- #1

mikeym

- 16

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I'm a climber and I'm trying to understand the physics involved in climbing and falling. In particular I'm trying to understand the factors that are used within the climbing community to describe it and to unite this with my (high school) physics understanding. I also would like to be able to calculate the forces involved in a couple of simple examples.

The first and foremost term used in climbing to determine the severity of a fall is the fall factor which can be seen from this diagam:

www[dot]getoutofglasgow .com/mikey/fallfactor.png

where the

*fall factor = length of fall / length of rope*

It is understood that the fall factor is a number <2 where the closer to 2 it is the more force is applied to the protection as a result of the fall. This happens where the climber falls from above the belayer before putting the rope through a piece of protection.

Now From what I remember of high school physics

The force applied by the rope is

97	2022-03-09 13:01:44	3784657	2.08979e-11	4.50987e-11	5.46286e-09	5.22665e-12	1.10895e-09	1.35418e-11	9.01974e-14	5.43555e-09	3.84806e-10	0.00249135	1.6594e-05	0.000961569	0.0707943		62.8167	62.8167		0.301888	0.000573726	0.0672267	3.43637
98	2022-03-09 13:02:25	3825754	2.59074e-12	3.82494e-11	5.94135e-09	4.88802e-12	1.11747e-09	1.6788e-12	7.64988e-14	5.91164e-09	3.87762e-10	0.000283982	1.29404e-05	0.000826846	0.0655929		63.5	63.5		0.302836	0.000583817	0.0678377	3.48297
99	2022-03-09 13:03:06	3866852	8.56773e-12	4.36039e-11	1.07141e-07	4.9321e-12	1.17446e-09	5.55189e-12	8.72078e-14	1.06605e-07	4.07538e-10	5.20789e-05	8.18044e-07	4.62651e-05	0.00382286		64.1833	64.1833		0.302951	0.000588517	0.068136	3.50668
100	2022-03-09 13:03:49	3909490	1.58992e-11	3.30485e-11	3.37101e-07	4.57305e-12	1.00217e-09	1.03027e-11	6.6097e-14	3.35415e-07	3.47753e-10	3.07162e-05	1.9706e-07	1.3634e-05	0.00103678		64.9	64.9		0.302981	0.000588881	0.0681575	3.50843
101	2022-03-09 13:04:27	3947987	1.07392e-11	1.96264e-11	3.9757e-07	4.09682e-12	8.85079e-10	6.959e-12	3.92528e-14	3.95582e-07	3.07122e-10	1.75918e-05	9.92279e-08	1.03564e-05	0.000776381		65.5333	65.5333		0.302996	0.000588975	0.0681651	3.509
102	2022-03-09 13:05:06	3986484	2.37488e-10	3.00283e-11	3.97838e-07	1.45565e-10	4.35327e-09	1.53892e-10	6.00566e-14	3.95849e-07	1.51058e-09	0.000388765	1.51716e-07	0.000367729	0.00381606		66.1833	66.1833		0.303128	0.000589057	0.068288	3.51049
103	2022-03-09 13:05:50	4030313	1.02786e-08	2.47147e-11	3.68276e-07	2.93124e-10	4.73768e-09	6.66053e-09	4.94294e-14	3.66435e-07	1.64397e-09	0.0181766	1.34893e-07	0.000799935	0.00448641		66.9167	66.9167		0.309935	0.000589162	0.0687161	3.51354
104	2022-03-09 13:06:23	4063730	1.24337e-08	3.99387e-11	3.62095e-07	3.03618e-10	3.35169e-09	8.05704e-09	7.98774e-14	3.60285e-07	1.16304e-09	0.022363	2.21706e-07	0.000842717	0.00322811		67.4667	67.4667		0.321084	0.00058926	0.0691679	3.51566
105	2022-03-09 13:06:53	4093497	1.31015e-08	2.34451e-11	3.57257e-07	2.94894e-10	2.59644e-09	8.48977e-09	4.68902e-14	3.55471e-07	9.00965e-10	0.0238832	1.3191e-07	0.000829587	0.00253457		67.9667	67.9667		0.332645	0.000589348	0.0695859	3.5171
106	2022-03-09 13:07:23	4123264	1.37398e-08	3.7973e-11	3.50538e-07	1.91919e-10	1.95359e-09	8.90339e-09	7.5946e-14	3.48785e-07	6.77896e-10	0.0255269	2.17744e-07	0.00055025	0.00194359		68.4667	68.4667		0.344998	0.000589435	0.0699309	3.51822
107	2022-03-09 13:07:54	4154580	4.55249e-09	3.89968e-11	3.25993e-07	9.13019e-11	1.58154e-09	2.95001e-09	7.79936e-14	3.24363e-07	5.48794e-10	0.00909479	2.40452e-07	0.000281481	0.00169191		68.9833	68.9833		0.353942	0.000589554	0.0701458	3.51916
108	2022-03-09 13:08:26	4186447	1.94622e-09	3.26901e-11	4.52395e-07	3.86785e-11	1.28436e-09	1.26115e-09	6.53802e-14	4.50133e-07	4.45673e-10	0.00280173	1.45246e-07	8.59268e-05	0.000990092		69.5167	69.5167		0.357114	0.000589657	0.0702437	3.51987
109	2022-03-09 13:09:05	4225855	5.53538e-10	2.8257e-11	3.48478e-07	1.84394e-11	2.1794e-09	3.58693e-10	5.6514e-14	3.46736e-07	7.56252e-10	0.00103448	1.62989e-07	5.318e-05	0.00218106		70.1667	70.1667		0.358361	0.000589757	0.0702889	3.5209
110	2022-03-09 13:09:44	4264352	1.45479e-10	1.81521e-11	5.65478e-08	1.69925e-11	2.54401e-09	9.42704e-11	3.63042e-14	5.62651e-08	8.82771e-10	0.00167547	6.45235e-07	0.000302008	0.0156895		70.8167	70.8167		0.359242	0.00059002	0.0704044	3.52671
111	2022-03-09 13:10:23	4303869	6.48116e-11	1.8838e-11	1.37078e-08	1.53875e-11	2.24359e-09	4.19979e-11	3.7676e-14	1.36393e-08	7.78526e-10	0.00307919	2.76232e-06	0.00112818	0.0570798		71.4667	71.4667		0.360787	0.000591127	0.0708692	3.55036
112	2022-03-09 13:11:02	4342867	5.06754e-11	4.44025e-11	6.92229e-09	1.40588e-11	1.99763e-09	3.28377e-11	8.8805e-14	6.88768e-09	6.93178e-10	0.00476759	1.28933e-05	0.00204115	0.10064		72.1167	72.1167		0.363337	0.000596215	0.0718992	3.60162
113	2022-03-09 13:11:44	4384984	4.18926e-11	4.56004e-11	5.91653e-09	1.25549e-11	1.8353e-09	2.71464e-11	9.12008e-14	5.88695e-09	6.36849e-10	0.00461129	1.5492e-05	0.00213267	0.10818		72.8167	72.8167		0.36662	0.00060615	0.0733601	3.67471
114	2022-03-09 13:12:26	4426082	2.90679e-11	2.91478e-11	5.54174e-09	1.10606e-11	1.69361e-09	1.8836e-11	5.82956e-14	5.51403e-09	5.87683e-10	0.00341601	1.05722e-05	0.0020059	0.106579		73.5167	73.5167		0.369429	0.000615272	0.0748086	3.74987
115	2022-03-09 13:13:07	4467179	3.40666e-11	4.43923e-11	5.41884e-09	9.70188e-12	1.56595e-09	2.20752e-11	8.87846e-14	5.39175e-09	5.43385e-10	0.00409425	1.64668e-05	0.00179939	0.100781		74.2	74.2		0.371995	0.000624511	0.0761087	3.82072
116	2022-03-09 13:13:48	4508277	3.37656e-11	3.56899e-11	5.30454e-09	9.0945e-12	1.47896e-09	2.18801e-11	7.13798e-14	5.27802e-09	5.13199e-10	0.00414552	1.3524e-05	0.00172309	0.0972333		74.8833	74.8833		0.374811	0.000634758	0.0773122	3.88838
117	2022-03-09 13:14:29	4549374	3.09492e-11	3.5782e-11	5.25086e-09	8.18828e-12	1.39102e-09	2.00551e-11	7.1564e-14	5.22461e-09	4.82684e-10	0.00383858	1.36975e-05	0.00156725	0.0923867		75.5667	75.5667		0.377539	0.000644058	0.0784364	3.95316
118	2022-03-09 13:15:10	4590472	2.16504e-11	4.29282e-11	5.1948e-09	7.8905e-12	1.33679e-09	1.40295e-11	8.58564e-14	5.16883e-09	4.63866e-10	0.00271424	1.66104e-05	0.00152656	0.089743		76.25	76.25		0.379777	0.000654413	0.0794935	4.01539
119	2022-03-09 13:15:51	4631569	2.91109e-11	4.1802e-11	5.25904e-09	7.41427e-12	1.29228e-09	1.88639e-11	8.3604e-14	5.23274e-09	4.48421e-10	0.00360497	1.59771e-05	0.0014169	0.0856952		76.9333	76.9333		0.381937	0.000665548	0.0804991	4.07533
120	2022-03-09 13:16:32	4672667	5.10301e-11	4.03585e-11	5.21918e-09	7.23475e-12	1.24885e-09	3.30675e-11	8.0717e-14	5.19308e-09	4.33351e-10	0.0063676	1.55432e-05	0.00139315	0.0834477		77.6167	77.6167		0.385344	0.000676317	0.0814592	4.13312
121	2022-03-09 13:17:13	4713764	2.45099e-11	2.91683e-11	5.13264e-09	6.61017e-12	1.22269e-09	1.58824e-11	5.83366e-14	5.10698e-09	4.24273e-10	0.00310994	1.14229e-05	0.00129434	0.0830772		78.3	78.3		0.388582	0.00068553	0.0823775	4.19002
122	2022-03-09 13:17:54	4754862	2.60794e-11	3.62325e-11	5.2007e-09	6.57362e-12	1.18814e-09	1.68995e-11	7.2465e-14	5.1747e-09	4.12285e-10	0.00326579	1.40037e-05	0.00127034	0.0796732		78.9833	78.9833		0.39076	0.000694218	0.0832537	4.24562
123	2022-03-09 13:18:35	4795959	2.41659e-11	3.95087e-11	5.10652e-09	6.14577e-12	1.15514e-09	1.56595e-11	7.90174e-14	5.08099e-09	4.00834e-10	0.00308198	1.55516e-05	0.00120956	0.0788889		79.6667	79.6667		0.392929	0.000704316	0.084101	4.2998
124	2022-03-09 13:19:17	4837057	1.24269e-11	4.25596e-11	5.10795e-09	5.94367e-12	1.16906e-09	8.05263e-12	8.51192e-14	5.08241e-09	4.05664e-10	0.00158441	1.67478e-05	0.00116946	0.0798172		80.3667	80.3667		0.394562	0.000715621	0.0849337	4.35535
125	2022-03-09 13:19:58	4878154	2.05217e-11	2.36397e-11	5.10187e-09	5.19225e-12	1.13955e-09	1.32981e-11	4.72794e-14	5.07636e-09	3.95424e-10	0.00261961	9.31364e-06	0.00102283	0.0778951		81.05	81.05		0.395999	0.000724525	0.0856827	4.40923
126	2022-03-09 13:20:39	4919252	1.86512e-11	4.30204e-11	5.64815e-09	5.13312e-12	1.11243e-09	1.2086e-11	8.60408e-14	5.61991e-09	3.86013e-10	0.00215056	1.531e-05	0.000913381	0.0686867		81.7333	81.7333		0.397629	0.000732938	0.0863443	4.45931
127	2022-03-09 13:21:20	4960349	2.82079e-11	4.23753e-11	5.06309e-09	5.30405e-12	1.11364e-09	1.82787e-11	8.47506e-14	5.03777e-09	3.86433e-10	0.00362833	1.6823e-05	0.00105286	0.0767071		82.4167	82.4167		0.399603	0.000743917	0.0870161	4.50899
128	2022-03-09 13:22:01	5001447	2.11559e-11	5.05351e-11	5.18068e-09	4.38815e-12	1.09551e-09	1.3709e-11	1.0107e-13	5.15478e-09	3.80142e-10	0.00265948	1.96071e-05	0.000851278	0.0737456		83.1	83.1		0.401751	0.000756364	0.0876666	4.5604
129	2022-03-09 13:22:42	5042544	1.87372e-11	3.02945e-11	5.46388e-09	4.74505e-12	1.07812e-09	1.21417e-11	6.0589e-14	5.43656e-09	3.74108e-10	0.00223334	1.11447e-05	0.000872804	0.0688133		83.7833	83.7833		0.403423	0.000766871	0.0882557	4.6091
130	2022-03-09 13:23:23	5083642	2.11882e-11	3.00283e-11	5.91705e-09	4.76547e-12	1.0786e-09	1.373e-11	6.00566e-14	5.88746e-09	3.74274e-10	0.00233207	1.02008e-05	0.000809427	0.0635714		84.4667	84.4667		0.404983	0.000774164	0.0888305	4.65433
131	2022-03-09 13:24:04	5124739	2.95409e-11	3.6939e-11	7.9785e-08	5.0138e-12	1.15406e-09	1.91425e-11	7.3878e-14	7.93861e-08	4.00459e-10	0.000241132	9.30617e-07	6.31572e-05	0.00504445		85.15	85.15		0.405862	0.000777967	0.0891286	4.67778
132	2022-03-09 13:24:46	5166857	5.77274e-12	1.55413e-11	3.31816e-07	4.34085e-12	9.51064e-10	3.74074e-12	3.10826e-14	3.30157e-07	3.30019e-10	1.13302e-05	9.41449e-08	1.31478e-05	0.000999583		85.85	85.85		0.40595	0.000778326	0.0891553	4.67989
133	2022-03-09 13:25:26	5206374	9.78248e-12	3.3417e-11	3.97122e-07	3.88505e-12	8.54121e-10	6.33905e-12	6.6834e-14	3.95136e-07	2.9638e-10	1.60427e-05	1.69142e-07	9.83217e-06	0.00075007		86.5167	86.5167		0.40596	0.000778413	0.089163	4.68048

*F = kx*where k is the spring constant of the rope (I'm not sure how to get this) and x is the stretch on the rope.

No this has to absorb the kinetic energy of the falling climber who's KE can be calculated from.

v^2 = v0^2 + 2ad

where v0 = 0 for a slipping climber and a = g or 9.81 m/s^2 for a earthly climber

so v^2 = 2gd

and KE = 1/2 * m v^2

so KE = m g d

Now this is where things get confused for me.

Can I say

*KE = Fd*

where d is the stretch distance x and

*F = kx*to give

*KE = k x^2*and therefore

*k = mgd / x^2*

and for force

*F = mgd / x*

?

Other questions I have are about the friction on the protection and how this can be accounted for. The force applied on the top protection (which acts as a pulley) and on the belayer. And how to go about calculating k for ropes from manufacturers information - and how k varies as the length of the rope extends as there is more rope to stretch.